Please check out my repos at code.fizz.buzz.
I used to have a developer blog hosted at this domain. I quickly developed an appreciation for the power of org-mode for writing the content of the blog but I grew tired of inconsistent build results. The static site generators at the time would function by calling out to emacs itself to parse the org-mode and export HTML which meant that updates to emacs, my elisp packages, or the static site generator could cause compatibility issues. This often lead to things like escaping issues in old blog posts going unnoticed.
To solve the issue, and to seize the opportunity to gain more experience in Rust, I decided to write my own static site generator that would not depend on outside tools. So far I have written the template engine and I am in the process of writing an org-mode parser. When that is done, it should just be a matter of tying those two together with some minor glue to make a static site generator to create the new version of this site. Until that is done, I am using this hastily thrown-together manually-written html file as a placeholder.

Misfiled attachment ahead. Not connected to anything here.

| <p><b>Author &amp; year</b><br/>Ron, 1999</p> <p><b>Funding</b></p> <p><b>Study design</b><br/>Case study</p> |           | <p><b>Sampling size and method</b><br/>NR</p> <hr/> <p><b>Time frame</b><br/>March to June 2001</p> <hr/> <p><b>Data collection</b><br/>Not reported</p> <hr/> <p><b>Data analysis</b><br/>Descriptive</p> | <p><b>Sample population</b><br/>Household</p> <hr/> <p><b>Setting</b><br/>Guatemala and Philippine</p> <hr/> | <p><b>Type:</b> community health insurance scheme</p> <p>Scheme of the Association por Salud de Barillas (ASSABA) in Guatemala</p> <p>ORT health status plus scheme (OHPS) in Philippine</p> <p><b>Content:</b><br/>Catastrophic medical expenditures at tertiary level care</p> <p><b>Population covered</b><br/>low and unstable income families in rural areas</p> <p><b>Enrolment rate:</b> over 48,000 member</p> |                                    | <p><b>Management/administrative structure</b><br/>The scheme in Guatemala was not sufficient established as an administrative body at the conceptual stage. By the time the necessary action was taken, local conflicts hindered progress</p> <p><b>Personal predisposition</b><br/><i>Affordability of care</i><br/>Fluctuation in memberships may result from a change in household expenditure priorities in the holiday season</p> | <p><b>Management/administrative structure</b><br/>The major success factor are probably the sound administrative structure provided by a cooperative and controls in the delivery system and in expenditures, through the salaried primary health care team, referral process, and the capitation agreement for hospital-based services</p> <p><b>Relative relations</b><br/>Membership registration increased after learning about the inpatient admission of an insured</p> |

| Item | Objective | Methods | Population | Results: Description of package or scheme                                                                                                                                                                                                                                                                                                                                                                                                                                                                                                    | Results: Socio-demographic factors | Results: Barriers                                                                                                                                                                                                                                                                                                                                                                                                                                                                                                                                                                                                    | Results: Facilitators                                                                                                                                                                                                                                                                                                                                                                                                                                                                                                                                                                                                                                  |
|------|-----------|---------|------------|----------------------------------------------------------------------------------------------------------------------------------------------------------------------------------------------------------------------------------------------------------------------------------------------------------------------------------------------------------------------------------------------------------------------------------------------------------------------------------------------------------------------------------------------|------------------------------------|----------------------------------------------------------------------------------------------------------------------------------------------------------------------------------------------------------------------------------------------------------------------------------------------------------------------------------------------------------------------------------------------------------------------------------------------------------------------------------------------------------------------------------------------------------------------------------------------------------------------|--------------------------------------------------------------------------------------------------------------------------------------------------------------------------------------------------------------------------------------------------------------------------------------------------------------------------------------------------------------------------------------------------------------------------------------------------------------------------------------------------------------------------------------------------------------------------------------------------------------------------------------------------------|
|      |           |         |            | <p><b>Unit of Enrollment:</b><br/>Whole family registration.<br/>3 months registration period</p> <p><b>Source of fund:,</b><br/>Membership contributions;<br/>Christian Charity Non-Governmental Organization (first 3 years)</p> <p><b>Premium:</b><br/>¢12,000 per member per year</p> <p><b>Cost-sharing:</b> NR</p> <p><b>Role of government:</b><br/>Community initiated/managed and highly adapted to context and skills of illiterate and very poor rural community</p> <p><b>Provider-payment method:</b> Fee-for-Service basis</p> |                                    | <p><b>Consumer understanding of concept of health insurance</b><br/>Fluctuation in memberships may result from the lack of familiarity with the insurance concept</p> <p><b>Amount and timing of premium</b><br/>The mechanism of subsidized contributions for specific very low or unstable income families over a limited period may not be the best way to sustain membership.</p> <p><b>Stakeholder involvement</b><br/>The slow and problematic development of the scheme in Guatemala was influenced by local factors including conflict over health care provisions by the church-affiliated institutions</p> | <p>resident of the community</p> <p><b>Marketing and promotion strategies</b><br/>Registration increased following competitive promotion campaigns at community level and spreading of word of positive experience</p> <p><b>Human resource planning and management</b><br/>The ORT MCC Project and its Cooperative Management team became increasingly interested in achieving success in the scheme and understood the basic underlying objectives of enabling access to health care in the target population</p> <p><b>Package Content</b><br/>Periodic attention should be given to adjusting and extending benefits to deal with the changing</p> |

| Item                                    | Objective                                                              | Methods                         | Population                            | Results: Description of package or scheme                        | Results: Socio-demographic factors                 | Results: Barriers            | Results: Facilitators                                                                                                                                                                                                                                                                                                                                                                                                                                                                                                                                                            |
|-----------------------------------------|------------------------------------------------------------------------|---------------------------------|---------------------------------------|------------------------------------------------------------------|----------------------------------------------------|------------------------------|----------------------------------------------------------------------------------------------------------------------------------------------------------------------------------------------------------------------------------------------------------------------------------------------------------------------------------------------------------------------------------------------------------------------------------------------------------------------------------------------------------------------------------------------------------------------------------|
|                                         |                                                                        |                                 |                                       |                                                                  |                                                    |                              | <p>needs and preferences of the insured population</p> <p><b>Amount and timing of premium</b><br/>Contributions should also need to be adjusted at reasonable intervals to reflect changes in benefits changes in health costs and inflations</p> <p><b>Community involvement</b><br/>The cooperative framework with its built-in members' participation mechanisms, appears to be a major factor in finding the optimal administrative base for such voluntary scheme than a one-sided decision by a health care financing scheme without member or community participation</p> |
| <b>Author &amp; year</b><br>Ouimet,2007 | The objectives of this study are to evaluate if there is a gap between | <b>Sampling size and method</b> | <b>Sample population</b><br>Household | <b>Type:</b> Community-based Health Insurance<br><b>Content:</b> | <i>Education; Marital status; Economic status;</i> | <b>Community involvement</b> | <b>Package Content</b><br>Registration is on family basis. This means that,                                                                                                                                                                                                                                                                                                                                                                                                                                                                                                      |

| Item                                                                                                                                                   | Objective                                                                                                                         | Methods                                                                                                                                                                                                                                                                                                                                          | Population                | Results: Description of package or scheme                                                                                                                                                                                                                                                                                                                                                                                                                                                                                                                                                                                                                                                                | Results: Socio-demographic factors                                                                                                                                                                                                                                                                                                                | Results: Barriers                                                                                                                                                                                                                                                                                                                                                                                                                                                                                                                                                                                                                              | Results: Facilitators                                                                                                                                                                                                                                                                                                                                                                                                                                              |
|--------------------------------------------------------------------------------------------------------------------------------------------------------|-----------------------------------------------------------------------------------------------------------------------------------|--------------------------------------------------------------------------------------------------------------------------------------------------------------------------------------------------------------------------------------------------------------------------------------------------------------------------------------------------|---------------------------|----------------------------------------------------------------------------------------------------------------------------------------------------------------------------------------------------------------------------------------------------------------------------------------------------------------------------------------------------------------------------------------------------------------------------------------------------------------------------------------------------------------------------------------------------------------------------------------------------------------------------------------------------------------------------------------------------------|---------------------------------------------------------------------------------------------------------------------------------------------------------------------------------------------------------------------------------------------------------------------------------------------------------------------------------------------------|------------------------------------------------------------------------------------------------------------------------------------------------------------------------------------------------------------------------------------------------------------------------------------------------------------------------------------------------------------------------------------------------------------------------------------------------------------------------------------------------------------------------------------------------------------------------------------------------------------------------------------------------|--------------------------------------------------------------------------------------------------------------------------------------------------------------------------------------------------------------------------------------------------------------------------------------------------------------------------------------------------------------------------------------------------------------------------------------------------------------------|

That isn't to say that there are no exciting things hosted on this server, just not at the root domain. For example, this server is running kubernetes that I set up manually following kubernetes-the-hard-way in a bunch of bhyve VMs that I networked together using netgraph. On it I host my own PowerDNS server as the authoratative DNS server for fizz.buzz. It is integrated with cert-manager and ExternalDNS so Ingresses/LoadBalancers on my cluster automatically get valid TLS certificates and update the DNS records. I have a fully open-source self-hosted gitops workflow where a commit to a git repo I'm hosting in gitea, triggers a tekton pipeline through lighthouse to build a docker image with kaniko, which gets pushed to my self-hosted harbor instance, which then gets deployed to my cluster via flux. The end result is I make a commit to a repo and the result is deployed to my website in minutes.